#ElectionWatch: Beyond Russian Impact

What effect Russia’s U.S. operation had and how to respond

Left: September 2016 headline from Sputnik recycling a claim which had been debunked in June 2016. Right: Breitbart pickup.

Ever since Special Prosecutor Robert Mueller published his bombshell indictment of thirteen Russians for interfering in the 2016 U.S. election, debate has reignited over whether the meddling actually made a difference.

It is important to first answer this question, and then move beyond it, because until Americans can agree on what Russia did, they are unlikely to agree on how America should respond. With the midterm elections fast approaching, a rational response is vital.

Opinions on whether Russia’s operation made a difference themselves differ sharply. “The results of the 2016 election were not impacted or changed,” tweeted U.S. President Donald Trump, the weekend after the indictment.

(Source: Twitter / @realdonaldtrump)

“Thirteen people interfered in the US elections? Thirteen against multi-billion-dollar budget special agencies? Against intelligence and counterintelligence, against the newest technologies? Absurd? — Yes,” wrote Russian Foreign Ministry spokeswoman Maria Zahkarova.

Russia’s actions “helped get Trump elected,” retorted Trump opponent Scott Dworkin, on Twitter as @funder.

(Source: Twitter / @funder)

Did Russia change or impact the results? Part of this question is beyond the reach of open source research. Judging whether Russia’s operation changed the election results could only be done by reading voters’ minds or accurate polling, and trying to establish which specific piece of information tipped them one way or the other.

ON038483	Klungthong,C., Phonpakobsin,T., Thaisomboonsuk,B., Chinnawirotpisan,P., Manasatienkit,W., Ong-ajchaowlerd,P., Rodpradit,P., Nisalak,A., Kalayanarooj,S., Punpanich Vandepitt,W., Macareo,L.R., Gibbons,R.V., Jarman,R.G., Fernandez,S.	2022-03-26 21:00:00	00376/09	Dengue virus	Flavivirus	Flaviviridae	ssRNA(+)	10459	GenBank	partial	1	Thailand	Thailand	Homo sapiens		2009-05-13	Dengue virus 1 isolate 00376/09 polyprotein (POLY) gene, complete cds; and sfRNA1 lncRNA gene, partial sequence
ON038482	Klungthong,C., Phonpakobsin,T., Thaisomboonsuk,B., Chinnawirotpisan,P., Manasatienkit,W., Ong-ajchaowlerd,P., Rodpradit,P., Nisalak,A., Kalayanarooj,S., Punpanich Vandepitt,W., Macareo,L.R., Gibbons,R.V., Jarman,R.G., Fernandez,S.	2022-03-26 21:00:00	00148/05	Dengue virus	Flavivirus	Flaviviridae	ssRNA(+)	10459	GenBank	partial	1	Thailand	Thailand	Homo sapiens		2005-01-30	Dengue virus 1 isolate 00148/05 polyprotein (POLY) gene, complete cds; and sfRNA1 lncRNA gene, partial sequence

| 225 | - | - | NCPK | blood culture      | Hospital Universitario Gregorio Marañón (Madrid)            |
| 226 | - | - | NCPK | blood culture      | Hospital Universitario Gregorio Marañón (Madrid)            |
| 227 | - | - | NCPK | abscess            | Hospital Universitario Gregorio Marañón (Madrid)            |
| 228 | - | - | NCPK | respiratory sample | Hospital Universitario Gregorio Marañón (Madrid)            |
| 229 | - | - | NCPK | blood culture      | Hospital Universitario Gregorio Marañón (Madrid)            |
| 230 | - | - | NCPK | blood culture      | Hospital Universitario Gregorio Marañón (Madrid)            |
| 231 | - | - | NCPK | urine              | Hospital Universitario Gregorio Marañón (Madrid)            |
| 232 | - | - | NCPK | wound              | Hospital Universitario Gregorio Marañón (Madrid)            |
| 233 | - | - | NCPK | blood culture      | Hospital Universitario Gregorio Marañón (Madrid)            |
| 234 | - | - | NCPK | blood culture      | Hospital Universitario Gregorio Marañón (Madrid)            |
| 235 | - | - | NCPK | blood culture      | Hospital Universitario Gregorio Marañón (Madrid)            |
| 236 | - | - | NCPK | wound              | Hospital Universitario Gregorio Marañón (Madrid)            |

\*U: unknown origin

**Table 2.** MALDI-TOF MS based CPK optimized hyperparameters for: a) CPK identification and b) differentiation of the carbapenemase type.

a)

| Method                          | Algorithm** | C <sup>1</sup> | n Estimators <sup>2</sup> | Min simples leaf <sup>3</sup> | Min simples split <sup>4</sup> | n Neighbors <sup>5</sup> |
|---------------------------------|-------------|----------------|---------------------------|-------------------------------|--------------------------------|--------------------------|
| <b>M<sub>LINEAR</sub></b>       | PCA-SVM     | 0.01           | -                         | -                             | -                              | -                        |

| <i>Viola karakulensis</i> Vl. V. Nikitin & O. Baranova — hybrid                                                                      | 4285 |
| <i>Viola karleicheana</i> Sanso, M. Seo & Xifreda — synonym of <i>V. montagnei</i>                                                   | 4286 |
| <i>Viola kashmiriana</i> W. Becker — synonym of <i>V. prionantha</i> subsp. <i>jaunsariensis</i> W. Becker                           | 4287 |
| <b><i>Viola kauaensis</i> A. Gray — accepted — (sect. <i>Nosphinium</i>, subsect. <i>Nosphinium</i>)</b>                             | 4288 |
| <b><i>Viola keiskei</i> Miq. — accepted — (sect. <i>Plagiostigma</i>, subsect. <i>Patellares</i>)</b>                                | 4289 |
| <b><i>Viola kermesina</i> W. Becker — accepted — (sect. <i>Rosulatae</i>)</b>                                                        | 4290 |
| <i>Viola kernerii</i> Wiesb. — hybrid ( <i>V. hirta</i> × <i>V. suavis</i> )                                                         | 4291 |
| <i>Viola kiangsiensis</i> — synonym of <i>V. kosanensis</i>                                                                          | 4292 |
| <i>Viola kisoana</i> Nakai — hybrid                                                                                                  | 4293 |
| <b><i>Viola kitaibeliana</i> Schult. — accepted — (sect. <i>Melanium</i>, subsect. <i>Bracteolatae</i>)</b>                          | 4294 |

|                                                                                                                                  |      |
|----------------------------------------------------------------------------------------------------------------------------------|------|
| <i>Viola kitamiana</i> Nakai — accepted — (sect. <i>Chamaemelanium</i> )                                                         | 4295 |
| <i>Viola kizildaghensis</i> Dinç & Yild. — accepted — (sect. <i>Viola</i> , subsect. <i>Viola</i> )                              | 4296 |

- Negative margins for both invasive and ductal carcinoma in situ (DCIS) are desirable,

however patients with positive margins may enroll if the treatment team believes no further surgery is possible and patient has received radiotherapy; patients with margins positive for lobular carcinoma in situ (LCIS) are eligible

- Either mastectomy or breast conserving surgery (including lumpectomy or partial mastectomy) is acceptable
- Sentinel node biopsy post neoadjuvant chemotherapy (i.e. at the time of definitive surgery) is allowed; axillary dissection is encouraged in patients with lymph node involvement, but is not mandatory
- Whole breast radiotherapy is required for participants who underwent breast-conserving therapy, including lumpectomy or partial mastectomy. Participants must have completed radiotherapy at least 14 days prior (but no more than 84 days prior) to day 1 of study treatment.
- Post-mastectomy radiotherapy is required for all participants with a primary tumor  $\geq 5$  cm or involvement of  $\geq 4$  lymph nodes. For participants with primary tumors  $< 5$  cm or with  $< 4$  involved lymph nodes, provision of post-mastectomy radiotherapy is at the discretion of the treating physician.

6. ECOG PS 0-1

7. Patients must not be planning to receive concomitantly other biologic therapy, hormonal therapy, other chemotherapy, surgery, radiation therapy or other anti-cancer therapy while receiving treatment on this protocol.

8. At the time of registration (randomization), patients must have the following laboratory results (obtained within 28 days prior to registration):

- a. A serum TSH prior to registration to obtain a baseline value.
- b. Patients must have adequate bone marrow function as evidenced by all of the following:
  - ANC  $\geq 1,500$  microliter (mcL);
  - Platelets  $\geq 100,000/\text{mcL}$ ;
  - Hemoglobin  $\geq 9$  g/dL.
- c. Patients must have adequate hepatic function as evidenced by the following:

We can, however, estimate whether the operations had an impact on voters and their votes, by analyzing how they affected the manuevers of the Trump and Hillary Clinton campaigns.

In the intensity of election season, any event which makes one candidate look bad, and the other look good, has the potential to change individuals’ voting intentions. The more events, the greater the potential.

Therefore, an operation which consistently makes one side look bad or unpopular, and makes the other side look good or popular, over a long period, is almost certain to have some impact on the vote tally. That impact may be marginal; but even a marginal change can, in a tight race, make a difference.

Did Russia’s influence operations behave in that way? The answer is an unequivocal “Yes.”

Stolen by Russian hackers, reported by Russian propaganda, amplified by Russian trolls: one of many RT articles on the Podesta leaks. (Source: RT)